This is what happens to a clutch...

...and a flywheel...

...when you let this guy work on your car.

Sunday, June 7, 2009

Caveat Emptor

My brothers and I bought this Sprite for my dad for his 80th birthday last November. It's a very handsome little car and seemingly in very good shape. We knew that the syncros weren't working as well as they should, but that wasn't a deal breaker. The previous owner had the car for about a year and really hadn't cracked into it very far. He had the brakes done, which work very well by the way for 4 wheel drums. But hadn't done anything else. He purchased it as a very nice older restoration. Which is what we purchased it as. We bought it for a very reasonable price. For the last 6 months it's been a fun and reliable car. However last weekend on the way to a car show in Shelton, WA it started smoking and some alarming noises began issuing from the engine bay. Having owned British cars for years we swiftly came to the realization that we'd be rebuilding this engine very soon. The compression test showed that cylinders 1 and 4 had good compression, 130. 2 and 3 were below 100. Minimum is 120. Sounds like bad rings.

Hmm, blue haze in the air and a fluid stripe on the ground. Sadly, par for the course in a 50 year old British car.

It doesn't take very long to remove an engine from a car that only has a handful of moving parts.

Oliver may be in pieces all over the garage, but he still puts on a happy face.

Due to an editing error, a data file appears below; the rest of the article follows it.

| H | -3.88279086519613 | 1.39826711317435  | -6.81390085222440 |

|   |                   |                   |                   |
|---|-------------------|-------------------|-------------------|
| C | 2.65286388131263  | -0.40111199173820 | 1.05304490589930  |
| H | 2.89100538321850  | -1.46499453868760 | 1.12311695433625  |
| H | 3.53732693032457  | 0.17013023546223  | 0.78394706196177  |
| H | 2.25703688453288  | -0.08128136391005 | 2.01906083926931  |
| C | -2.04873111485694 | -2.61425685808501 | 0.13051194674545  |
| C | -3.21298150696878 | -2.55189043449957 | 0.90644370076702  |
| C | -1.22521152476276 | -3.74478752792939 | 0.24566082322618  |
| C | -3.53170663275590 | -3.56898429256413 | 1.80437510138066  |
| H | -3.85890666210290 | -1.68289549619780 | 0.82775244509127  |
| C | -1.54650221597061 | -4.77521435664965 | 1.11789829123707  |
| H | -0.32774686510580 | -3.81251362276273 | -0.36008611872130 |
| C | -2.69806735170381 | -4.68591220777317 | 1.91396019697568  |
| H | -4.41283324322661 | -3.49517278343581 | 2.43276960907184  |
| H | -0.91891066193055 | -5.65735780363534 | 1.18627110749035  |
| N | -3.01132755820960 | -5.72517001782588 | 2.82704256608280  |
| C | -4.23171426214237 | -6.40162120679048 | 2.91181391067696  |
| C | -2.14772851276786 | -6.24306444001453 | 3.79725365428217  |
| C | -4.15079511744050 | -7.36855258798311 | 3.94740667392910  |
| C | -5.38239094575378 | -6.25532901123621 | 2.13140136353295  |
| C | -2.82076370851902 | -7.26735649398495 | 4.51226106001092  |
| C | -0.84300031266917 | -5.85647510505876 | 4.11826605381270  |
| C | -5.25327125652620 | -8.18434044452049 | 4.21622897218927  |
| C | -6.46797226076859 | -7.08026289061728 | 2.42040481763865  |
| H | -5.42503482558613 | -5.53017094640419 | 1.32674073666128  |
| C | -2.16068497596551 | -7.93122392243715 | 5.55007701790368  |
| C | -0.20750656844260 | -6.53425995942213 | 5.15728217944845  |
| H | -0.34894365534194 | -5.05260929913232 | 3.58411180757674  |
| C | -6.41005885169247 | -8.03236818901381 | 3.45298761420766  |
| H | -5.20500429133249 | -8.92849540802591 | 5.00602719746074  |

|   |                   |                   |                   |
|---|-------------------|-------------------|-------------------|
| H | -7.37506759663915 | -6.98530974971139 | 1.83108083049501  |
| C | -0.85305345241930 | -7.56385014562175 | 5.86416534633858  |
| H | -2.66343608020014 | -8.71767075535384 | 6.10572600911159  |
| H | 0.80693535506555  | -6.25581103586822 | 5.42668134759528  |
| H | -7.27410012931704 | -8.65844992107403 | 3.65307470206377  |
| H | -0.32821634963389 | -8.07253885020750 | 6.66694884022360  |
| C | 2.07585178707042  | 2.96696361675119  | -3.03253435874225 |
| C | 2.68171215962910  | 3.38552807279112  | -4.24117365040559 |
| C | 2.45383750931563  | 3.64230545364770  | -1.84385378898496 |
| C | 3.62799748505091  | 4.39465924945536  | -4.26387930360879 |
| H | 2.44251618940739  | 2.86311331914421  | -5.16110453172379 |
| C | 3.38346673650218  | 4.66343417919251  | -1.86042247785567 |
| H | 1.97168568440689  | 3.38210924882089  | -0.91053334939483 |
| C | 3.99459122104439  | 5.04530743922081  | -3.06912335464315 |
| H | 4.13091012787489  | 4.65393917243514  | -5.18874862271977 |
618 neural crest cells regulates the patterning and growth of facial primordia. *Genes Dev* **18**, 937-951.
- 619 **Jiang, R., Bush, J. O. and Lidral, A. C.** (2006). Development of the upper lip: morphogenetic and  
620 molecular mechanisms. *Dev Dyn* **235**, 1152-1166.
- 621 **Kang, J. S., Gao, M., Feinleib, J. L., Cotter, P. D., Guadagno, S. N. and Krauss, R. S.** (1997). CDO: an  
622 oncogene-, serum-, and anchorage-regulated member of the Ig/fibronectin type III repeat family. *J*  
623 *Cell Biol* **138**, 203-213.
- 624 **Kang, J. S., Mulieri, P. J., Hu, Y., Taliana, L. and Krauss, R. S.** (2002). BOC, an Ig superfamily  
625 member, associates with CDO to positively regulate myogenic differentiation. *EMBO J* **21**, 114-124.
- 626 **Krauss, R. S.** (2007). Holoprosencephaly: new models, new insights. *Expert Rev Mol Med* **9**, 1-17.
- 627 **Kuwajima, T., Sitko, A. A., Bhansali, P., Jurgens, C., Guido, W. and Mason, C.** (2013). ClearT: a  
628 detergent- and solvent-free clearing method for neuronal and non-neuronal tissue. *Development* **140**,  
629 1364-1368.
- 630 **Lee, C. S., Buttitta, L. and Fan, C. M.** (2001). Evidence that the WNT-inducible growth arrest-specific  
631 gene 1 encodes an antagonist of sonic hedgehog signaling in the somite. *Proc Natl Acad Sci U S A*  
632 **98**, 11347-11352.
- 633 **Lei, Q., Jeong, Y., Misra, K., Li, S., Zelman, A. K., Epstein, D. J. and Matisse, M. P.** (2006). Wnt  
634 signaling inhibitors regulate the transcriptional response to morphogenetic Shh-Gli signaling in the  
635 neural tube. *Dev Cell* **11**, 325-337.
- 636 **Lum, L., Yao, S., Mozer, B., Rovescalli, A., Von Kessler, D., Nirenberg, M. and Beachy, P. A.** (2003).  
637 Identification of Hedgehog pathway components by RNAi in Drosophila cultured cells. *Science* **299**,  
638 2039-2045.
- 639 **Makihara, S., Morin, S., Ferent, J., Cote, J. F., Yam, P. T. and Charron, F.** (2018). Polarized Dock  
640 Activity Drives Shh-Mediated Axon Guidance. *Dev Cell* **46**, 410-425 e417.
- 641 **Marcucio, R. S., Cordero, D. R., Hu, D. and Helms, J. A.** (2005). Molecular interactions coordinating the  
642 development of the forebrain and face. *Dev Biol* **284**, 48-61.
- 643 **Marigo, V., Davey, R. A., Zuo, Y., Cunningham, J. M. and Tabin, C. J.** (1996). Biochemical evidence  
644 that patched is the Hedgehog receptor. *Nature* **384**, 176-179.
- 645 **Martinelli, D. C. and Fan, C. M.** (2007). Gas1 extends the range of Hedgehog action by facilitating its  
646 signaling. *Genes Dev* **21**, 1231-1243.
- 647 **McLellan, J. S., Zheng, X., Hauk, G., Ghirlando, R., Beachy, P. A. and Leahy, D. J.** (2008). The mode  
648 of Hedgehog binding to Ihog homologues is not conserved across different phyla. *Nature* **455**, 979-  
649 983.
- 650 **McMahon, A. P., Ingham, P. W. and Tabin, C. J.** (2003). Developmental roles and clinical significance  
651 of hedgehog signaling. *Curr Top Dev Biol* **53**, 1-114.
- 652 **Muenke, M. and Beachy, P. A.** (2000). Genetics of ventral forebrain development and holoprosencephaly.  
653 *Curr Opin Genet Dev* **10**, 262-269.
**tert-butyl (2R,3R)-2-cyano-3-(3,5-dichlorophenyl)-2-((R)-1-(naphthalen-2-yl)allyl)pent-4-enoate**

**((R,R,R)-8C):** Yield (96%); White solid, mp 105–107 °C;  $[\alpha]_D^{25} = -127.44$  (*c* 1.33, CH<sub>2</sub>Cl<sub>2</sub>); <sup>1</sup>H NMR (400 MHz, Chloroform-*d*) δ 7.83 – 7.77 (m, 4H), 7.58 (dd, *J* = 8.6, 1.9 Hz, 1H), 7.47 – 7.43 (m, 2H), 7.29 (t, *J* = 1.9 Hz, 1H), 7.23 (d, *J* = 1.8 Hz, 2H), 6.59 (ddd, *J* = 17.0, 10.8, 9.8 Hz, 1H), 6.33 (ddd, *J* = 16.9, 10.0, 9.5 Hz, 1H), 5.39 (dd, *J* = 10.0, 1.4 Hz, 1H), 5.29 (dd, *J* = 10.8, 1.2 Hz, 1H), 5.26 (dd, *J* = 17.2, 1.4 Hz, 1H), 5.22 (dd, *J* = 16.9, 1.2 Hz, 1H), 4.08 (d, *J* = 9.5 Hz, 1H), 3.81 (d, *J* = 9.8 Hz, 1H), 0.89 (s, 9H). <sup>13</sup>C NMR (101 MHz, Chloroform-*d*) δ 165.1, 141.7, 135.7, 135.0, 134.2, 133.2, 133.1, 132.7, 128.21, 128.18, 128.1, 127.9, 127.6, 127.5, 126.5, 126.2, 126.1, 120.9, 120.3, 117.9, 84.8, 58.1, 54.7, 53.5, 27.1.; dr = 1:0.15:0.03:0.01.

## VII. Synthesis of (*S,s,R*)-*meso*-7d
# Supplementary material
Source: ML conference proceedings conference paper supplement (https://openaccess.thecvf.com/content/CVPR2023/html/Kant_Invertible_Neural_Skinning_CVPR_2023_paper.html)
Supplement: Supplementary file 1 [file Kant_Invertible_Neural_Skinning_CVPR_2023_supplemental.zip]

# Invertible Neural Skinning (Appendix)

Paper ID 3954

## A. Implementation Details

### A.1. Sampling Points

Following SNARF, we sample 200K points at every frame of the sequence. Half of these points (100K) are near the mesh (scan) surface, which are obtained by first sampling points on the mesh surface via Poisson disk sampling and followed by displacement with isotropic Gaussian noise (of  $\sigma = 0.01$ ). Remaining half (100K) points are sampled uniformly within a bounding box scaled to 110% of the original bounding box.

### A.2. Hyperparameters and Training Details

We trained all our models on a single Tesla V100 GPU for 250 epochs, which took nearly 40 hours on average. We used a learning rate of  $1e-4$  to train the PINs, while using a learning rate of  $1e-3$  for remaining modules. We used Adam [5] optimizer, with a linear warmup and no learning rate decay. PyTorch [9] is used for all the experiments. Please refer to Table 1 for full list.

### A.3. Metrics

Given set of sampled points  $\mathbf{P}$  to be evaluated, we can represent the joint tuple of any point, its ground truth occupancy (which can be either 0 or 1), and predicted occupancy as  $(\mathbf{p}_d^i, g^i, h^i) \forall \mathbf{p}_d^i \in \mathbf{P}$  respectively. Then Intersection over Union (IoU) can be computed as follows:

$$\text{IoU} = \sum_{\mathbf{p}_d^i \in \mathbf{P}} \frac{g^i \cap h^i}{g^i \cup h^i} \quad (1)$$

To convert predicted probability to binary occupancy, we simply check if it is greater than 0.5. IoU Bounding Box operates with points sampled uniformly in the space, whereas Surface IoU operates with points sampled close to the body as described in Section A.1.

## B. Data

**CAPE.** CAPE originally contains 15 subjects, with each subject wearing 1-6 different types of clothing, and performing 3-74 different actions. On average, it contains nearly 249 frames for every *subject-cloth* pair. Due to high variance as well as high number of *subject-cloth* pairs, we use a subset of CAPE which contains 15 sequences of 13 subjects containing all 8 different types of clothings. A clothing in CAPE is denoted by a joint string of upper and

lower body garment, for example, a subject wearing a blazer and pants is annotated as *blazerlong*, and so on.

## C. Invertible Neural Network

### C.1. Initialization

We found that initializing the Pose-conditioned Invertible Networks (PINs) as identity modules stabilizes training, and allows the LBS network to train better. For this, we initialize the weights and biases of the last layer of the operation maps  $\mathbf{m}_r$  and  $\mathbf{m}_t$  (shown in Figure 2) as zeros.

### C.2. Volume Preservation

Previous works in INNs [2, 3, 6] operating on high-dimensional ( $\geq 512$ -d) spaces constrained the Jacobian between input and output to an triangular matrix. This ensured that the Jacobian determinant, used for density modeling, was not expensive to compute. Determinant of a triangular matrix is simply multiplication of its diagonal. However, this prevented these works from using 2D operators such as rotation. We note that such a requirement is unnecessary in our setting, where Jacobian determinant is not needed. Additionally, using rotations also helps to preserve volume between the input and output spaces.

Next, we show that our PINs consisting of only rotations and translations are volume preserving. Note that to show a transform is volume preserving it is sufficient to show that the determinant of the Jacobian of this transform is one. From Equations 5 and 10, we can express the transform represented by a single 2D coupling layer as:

It has the proper smooth side gearbox, but this big missing chunk of the bell housing is not so proper.

Uh, I thought you drained the gearbox.

Ick. Pretty nasty looking exhaust gasket for a "recently rebuilt" engine.

Tomorrow I'm going to start the engine teardown. Judging from the lovely pearlescent oil that turned completely black and gross in 3 (yes, 3) miles, it's not going to be pretty. Should be fun though. :-)

Saturday, June 6, 2009

A little diversion

We signed up for Arse-Freeze-Apalooza in November at Thunderhill raceway. You might remember that this was the event we originally signed up for and didn't make it to. Naturally we feel compelled to conquer this event. However this is still some months off and Pujo! needs surprisingly little work to get him ready for this event. Mostly we just need to transplant the less f**ked up transmission and alternater from the parts car and we'll be doing a major redecorating job on the car (we'll keep the theme secret for now). Plenty to do, but also plenty of time.

Good thing too. My dad's '61 Austin Healy Sprite decided it needed some attention and blew its engine. From the sounds coming out of the block, I'd say there's plenty o' bearings and rings just itchin' for replacement. So, for the next couple of weeks I'll be chronicling a full engine rebuild on cutest little engine you ever did see. 948cc's of fury. 42 raging horsepower. Doesn't sound like much, but it only has to move 1400lbs of car. It's pretty peppy.

Oliver and Shannon, almost too much cuteness for one picture.